Franz Schubert (31 January 1797 - 19 November 1828) was an Austrian composer during the transition between the Classical and Romantic eras. He wrote over 1500 works, but is known best for his lieder and chamber works. He also wrote symphonies, masses, and piano works.
Schubert’s works are notable for their melody and modulations to distant keys. His lieder were particularly influential. He set works from poets such as Goethe, Schiller, and Müller, using progressive harmony and dramatic elements. Schubert was also skilled at creating images for the listener with the keyboard. For example, in the Lied, "Erlkönig," Schubert writes triplets in the piano part to mimic horse hooves.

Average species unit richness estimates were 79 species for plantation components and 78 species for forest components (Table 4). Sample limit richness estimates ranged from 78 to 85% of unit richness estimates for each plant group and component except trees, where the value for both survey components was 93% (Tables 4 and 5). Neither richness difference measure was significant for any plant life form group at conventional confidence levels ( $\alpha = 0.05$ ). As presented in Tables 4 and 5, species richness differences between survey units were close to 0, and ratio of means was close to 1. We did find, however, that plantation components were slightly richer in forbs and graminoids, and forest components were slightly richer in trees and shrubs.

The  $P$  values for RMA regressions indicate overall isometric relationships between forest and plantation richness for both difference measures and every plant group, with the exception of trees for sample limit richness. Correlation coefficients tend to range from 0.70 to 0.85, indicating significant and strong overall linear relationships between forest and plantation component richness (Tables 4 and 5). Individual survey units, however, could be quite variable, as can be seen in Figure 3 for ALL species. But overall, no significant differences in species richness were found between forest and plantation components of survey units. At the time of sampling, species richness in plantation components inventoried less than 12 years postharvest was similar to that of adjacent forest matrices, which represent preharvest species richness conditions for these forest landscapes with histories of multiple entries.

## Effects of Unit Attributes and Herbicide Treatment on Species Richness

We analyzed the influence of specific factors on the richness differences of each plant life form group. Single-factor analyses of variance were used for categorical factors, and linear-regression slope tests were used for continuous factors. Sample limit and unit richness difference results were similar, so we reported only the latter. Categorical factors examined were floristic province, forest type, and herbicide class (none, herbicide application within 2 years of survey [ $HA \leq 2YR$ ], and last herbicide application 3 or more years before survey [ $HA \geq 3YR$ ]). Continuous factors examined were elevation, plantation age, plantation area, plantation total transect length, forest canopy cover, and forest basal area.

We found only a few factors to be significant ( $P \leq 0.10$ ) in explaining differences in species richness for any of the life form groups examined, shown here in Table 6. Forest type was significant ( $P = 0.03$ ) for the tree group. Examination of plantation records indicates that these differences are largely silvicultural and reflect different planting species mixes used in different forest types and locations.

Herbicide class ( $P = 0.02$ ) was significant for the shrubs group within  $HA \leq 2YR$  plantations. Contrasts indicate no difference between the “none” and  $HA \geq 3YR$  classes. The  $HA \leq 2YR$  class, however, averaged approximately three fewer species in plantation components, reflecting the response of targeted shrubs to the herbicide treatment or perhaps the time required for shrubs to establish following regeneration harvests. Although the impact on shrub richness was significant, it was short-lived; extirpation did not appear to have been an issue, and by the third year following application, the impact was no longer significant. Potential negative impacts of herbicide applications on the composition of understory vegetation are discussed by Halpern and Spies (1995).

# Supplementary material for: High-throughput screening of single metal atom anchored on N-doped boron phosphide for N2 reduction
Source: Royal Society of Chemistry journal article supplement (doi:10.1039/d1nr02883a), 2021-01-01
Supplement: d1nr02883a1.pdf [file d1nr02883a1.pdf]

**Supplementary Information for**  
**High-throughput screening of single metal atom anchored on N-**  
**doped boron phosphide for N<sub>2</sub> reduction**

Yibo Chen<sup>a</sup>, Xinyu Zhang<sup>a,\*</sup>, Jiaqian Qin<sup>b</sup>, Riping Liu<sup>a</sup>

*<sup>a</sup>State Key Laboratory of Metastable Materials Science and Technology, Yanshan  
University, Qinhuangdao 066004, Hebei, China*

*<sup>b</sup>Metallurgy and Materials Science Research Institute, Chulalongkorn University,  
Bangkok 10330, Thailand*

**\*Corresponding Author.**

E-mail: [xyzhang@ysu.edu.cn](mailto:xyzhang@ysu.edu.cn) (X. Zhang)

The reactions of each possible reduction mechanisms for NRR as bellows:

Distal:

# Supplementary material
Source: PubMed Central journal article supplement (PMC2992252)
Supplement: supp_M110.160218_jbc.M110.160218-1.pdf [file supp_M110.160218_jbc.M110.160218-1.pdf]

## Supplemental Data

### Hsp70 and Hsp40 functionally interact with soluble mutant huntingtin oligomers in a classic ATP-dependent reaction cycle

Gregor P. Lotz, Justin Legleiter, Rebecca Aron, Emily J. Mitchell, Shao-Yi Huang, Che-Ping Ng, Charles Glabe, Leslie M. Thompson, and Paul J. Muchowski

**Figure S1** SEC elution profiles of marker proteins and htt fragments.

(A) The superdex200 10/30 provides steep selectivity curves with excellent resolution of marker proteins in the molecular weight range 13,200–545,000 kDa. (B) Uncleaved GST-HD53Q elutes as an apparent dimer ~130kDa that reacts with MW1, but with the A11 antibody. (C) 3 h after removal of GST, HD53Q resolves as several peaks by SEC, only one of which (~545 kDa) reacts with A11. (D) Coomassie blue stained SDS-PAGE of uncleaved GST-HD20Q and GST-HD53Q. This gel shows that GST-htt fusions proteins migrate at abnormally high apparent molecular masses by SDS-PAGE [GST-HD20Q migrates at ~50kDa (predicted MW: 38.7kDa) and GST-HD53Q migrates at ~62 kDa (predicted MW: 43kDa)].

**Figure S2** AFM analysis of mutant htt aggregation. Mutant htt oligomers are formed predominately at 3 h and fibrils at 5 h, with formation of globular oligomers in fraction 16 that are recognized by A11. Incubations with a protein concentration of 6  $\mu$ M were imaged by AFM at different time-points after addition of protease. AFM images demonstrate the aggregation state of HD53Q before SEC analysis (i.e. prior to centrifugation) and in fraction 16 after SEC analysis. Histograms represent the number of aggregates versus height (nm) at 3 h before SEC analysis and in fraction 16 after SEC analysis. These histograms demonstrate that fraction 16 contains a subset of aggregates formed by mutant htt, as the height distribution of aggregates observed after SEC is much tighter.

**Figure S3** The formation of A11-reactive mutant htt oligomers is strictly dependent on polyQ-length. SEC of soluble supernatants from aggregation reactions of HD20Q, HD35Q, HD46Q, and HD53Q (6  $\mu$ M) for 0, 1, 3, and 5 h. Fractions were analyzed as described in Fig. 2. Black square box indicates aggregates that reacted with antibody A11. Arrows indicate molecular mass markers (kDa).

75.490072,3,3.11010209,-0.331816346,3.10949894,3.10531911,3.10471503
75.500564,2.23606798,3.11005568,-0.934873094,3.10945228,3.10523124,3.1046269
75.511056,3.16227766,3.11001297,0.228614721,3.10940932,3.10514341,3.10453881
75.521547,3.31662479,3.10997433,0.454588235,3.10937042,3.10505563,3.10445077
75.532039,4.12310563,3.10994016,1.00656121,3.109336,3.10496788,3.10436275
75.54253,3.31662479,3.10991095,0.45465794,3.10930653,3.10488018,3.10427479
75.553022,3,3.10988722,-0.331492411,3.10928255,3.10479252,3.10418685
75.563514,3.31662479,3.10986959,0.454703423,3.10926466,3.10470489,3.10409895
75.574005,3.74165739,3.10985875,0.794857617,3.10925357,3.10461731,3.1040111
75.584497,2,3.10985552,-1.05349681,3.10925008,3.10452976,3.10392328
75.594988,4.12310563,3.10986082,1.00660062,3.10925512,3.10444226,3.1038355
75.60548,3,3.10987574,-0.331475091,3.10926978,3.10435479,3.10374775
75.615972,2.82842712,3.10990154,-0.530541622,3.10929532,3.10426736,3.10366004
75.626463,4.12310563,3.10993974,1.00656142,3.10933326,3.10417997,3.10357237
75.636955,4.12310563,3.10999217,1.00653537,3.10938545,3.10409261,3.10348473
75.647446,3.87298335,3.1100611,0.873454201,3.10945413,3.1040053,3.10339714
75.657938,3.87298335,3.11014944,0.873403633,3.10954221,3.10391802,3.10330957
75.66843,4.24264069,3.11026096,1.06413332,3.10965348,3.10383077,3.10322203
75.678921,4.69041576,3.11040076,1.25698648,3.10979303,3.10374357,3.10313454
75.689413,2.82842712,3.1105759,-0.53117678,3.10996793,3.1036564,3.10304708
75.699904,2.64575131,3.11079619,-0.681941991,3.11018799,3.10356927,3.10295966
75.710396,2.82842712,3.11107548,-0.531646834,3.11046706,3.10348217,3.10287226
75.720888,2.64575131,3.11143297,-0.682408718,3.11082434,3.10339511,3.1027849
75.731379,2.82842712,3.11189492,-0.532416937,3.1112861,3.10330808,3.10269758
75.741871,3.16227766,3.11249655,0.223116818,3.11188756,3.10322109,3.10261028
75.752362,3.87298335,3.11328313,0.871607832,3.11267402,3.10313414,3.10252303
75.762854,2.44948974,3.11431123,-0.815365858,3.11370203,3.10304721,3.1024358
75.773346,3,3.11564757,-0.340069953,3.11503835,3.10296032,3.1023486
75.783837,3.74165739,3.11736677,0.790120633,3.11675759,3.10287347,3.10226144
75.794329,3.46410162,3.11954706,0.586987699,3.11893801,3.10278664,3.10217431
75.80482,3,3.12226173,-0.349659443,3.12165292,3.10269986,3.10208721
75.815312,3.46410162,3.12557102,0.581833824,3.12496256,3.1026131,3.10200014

In this excerpt of "Gretchen am Spinnrade," pay attention to the repetitive piano part, which symbolizes Gretchen’s spinning wheel in the treble clef and the foot treadle in the bass clef.